During World War II, for example, the Japanese high command had ninja-trained troops deployed to assassinate General Douglas MacArthur if and when the opportunity arose.

I confess, I would love to see a movie or manga about that.

But the ninja did not fail very often. Information on their specific World War II activities is scant, but according to Ron Duncan, a ninja practitioner living in New York, there were many strange incidents which had a ninjaesque quality…

But do not think that the ninja are a thing of the past!

In 1948, some ninja switched sides, or at least became employed by the CIA, says Duncan. … “As far as I know, there are still ninja in the CIA.”

He recounts the assault on the Iranian embassy by the SAS to rescue hostages: …the core members are in black, only their eyes showing through the hoods covering their heads. In short, they were in the uniform of the ninja.

“They were ninja,” says Duncan. “Absolutely.”

But wait! There is even more compelling evidence for the existence of modern ninja!

Someone told us that he was in Kyushu two summers ago and went into a room where there were five or six businessmen standing around talking. “It was only later,” he says, “That I learned they were all ninja.”

The rest of the book recounts ninja folklore, stories about ninja, and ninja techniques, interspersed with photos of black-clad guys sneaking around and climbing trees. The jaw-dropping chapter “I Am Ninja!” is about a boy ninja who gets revenge on an enemy by having sex with an insane prostitute and so infecting himself with a fatal venereal disease, and then presenting himself to his enemy as a catamite. But he rejoices at the success of his plan, even though it gets him tortured to death.

After all… he is ninja!
In the last month I read a Laura Kinsale romance novel, THE SHADOW AND THE STAR, in which the romantic lead is a blonde ninja from Hawaii, and a middle-grade adventure novel, BLUE FINGERS, in which the main character is a Japanese farm boy who becomes a ninja.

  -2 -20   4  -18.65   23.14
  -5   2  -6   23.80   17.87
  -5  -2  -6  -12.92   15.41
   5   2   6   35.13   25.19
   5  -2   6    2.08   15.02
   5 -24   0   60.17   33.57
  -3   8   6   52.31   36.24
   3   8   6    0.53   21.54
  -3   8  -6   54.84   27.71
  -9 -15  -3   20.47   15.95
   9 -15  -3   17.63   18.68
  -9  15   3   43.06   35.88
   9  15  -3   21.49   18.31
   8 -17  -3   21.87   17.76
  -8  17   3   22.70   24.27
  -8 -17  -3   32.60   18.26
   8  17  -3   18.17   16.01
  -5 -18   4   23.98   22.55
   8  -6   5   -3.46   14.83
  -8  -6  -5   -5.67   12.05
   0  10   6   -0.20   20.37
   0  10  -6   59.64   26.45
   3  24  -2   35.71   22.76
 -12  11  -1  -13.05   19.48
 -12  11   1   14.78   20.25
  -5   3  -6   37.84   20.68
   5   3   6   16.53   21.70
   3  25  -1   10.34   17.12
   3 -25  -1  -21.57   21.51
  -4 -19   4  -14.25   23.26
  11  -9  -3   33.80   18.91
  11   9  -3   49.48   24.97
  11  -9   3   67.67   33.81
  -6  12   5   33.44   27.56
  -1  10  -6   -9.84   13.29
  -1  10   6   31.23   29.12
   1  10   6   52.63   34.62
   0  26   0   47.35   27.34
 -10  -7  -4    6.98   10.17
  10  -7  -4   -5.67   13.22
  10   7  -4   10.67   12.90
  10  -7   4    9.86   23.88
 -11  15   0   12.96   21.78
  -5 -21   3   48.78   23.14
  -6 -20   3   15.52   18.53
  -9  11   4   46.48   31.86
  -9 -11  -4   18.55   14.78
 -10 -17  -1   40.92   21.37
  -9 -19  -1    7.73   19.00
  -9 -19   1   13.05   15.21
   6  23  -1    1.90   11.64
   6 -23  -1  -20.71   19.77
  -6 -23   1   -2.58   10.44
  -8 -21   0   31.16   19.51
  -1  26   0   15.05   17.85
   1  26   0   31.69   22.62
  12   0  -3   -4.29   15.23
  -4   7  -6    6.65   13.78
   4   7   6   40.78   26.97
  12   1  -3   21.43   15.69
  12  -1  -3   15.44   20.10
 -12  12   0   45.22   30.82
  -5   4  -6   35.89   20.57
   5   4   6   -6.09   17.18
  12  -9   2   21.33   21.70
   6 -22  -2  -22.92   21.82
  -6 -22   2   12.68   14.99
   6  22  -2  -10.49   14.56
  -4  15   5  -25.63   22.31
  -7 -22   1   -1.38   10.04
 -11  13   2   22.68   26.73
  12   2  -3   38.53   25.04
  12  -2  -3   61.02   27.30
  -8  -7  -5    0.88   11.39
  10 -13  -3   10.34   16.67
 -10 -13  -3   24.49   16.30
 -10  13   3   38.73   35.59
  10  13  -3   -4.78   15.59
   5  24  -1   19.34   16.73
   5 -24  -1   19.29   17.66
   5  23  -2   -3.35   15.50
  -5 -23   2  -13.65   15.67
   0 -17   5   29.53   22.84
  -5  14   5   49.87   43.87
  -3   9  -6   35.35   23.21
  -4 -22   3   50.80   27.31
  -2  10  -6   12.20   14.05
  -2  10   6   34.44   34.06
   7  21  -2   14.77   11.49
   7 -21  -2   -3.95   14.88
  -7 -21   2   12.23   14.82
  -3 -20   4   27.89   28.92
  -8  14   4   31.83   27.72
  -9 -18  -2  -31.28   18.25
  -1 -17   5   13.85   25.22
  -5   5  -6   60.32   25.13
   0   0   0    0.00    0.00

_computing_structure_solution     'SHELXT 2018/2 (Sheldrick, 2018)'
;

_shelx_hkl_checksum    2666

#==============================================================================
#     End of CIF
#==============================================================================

Both are well-researched when it comes to martial arts, although both take the entirely forgivable liberty of portraying legend as fact within their novels, but both also picked up a curious misconception which I think they thought really was a fact. It's one that I've come across a number of times before in books which are otherwise fairly accurate when it comes to martial arts, but were written by people who had done the research but don't train.

It's that yell. You know the one. "Haaaiiiii-yah!" "EEEEEEEEEE!" "Ai-soh!" "HUH!"

It's called a kiai. Technically, it's not a yell (which comes from the throat) but a... whatever it is that comes from the diaphragm, the place you're taught to project from if you've ever studied acting or public speaking. There's a lot of ideas about why we kiai-- to psych ourselves, to express our spirit, to scare our opponents, to empty the breath from our lungs and tighten our bellies so it won't hurt if we get smacked-- but there are several things the kiai is not.

It is not something that you practice as a separate technique, or at least I've never seen anyone doing so. You kiai as you execute another technique, like a punch or kick. You don't go to the dojo and stand still while practicing your kiai.

More importantly, it is not a magic psychic ki attack. I assume writers are getting the idea that it is from the common translation, which is "spirit shout." But you cannot stand still and yell at your opponent and have your vocally projected ki knock them flying. At least, if anyone can do that, I would really like to see it.

Also, a "silent kiai" is expelling your breath with the same feeling but without the yell, and is generally done when you're trying to train without disturbing the neighbors. It is not a magic psychic ki attack where you silently project your ki at someone and make them drop dead.

So if you write a book with a magic psychic ki attack, please do not call it a kiai. The kiai is something else. (In karate, anyway. If there are magic ki-projecting kiais in aikido, I'm sure my readers who study it will let me know.)

Also, it's fine to write a novel, which is generally understood to be fiction, in which ninjas dislocate every bone in their bodies as children so that later in life they can dislocate them at will in order to fit into tight spaces and cast funny-looking shadows. However, you should not have an afterword which states that ninjas really did this, or at least not without citing a source for it. An explanation of how this practice would do anything other than weakening every joint in your body and causing them to spontaneously dislocate at inconvenient times would also be good.

This has been your Public Service Ninja Announcement for the day. Thank you.